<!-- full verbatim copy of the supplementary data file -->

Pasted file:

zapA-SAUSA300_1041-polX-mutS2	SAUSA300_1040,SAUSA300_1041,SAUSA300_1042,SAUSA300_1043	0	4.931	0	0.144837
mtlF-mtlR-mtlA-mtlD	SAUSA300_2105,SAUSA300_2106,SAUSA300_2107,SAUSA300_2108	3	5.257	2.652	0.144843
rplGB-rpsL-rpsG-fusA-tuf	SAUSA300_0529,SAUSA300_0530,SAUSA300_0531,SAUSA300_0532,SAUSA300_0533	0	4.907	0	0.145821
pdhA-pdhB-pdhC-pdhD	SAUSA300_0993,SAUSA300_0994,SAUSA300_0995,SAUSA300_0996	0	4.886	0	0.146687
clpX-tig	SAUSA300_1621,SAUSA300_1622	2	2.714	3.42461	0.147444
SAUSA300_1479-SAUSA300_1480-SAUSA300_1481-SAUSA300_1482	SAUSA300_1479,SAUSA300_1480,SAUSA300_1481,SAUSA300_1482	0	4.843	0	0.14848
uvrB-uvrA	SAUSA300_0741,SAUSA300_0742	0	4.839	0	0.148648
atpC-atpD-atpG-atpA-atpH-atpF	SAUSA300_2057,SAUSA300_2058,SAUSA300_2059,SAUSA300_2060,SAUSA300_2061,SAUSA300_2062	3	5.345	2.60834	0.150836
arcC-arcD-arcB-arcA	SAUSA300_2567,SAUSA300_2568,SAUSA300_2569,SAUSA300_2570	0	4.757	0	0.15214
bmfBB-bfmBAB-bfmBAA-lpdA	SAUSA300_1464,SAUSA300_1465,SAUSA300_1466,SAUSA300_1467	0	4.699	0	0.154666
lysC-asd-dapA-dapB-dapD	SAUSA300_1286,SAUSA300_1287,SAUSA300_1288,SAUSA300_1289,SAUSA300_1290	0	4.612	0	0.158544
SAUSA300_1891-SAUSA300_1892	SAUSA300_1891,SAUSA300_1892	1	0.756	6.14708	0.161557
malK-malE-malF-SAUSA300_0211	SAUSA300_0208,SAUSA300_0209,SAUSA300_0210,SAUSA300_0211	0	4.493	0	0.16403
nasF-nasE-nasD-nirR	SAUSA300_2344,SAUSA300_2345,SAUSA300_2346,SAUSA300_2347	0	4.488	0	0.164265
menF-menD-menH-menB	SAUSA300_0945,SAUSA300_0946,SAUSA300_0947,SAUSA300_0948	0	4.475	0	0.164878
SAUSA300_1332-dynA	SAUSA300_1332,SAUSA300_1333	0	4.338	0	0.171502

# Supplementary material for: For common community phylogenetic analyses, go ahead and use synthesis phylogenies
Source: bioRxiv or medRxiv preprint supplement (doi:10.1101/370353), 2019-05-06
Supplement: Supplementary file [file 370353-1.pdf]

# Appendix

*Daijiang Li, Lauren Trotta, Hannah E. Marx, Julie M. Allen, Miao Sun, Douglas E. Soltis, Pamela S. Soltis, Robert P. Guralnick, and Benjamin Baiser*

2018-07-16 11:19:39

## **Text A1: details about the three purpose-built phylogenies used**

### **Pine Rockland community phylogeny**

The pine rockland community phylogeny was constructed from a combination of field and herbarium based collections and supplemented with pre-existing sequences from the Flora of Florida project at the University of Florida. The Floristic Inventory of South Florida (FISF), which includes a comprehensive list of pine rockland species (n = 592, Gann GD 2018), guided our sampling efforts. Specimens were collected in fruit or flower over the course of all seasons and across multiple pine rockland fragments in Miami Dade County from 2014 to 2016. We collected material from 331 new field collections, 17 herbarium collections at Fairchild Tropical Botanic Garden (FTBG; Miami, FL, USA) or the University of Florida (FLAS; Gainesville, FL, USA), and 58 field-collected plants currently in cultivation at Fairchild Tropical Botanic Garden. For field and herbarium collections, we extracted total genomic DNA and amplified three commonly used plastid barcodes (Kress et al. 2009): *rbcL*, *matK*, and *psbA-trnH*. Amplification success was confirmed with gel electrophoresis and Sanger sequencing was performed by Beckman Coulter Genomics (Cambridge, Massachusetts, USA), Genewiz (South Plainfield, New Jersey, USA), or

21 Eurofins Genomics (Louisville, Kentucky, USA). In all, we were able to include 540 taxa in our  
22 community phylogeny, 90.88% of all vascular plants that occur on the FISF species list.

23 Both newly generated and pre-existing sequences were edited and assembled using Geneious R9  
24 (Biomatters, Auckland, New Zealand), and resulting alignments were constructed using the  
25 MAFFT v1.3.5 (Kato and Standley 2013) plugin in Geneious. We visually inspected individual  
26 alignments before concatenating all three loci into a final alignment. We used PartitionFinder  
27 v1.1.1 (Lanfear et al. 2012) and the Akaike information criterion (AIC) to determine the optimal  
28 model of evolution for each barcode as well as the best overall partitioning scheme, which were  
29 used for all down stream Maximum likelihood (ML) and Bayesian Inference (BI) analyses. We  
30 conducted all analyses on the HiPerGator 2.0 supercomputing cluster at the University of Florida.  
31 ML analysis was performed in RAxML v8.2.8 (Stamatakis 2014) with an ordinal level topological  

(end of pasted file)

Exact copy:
zapA-SAUSA300_1041-polX-mutS2	SAUSA300_1040,SAUSA300_1041,SAUSA300_1042,SAUSA300_1043	0	4.931	0	0.144837
mtlF-mtlR-mtlA-mtlD	SAUSA300_2105,SAUSA300_2106,SAUSA300_2107,SAUSA300_2108	3	5.257	2.652	0.144843
rplGB-rpsL-rpsG-fusA-tuf	SAUSA300_0529,SAUSA300_0530,SAUSA300_0531,SAUSA300_0532,SAUSA300_0533	0	4.907	0	0.145821
pdhA-pdhB-pdhC-pdhD	SAUSA300_0993,SAUSA300_0994,SAUSA300_0995,SAUSA300_0996	0	4.886	0	0.146687
clpX-tig	SAUSA300_1621,SAUSA300_1622	2	2.714	3.42461	0.147444
SAUSA300_1479-SAUSA300_1480-SAUSA300_1481-SAUSA300_1482	SAUSA300_1479,SAUSA300_1480,SAUSA300_1481,SAUSA300_1482	0	4.843	0	0.14848
uvrB-uvrA	SAUSA300_0741,SAUSA300_0742	0	4.839	0	0.148648
atpC-atpD-atpG-atpA-atpH-atpF	SAUSA300_2057,SAUSA300_2058,SAUSA300_2059,SAUSA300_2060,SAUSA300_2061,SAUSA300_2062	3	5.345	2.60834	0.150836
arcC-arcD-arcB-arcA	SAUSA300_2567,SAUSA300_2568,SAUSA300_2569,SAUSA300_2570	0	4.757	0	0.15214
bmfBB-bfmBAB-bfmBAA-lpdA	SAUSA300_1464,SAUSA300_1465,SAUSA300_1466,SAUSA300_1467	0	4.699	0	0.154666
lysC-asd-dapA-dapB-dapD	SAUSA300_1286,SAUSA300_1287,SAUSA300_1288,SAUSA300_1289,SAUSA300_1290	0	4.612	0	0.158544
SAUSA300_1891-SAUSA300_1892	SAUSA300_1891,SAUSA300_1892	1	0.756	6.14708	0.161557
malK-malE-malF-SAUSA300_0211	SAUSA300_0208,SAUSA300_0209,SAUSA300_0210,SAUSA300_0211	0	4.493	0	0.16403
nasF-nasE-nasD-nirR	SAUSA300_2344,SAUSA300_2345,SAUSA300_2346,SAUSA300_2347	0	4.488	0	0.164265
menF-menD-menH-menB	SAUSA300_0945,SAUSA300_0946,SAUSA300_0947,SAUSA300_0948	0	4.475	0	0.164878
SAUSA300_1332-dynA	SAUSA300_1332,SAUSA300_1333	0	4.338	0	0.171502

# Supplementary material for: For common community phylogenetic analyses, go ahead and use synthesis phylogenies
Source: bioRxiv or medRxiv preprint supplement (doi:10.1101/370353), 2019-05-06
Supplement: Supplementary file [file 370353-1.pdf]

# Appendix

*Daijiang Li, Lauren Trotta, Hannah E. Marx, Julie M. Allen, Miao Sun, Douglas E. Soltis, Pamela S. Soltis, Robert P. Guralnick, and Benjamin Baiser*

2018-07-16 11:19:39

## **Text A1: details about the three purpose-built phylogenies used**

### **Pine Rockland community phylogeny**

The pine rockland community phylogeny was constructed from a combination of field and herbarium based collections and supplemented with pre-existing sequences from the Flora of Florida project at the University of Florida. The Floristic Inventory of South Florida (FISF), which includes a comprehensive list of pine rockland species (n = 592, Gann GD 2018), guided our sampling efforts. Specimens were collected in fruit or flower over the course of all seasons and across multiple pine rockland fragments in Miami Dade County from 2014 to 2016. We collected material from 331 new field collections, 17 herbarium collections at Fairchild Tropical Botanic Garden (FTBG; Miami, FL, USA) or the University of Florida (FLAS; Gainesville, FL, USA), and 58 field-collected plants currently in cultivation at Fairchild Tropical Botanic Garden. For field and herbarium collections, we extracted total genomic DNA and amplified three commonly used plastid barcodes (Kress et al. 2009): *rbcL*, *matK*, and *psbA-trnH*. Amplification success was confirmed with gel electrophoresis and Sanger sequencing was performed by Beckman Coulter Genomics (Cambridge, Massachusetts, USA), Genewiz (South Plainfield, New Jersey, USA), or

21 Eurofins Genomics (Louisville, Kentucky, USA). In all, we were able to include 540 taxa in our  
22 community phylogeny, 90.88% of all vascular plants that occur on the FISF species list.

23 Both newly generated and pre-existing sequences were edited and assembled using Geneious R9  
24 (Biomatters, Auckland, New Zealand), and resulting alignments were constructed using the  
25 MAFFT v1.3.5 (Kato and Standley 2013) plugin in Geneious. We visually inspected individual  
26 alignments before concatenating all three loci into a final alignment. We used PartitionFinder  
27 v1.1.1 (Lanfear et al. 2012) and the Akaike information criterion (AIC) to determine the optimal  
28 model of evolution for each barcode as well as the best overall partitioning scheme, which were  
29 used for all down stream Maximum likelihood (ML) and Bayesian Inference (BI) analyses. We  
30 conducted all analyses on the HiPerGator 2.0 supercomputing cluster at the University of Florida.  
31 ML analysis was performed in RAxML v8.2.8 (Stamatakis 2014) with an ordinal level topological  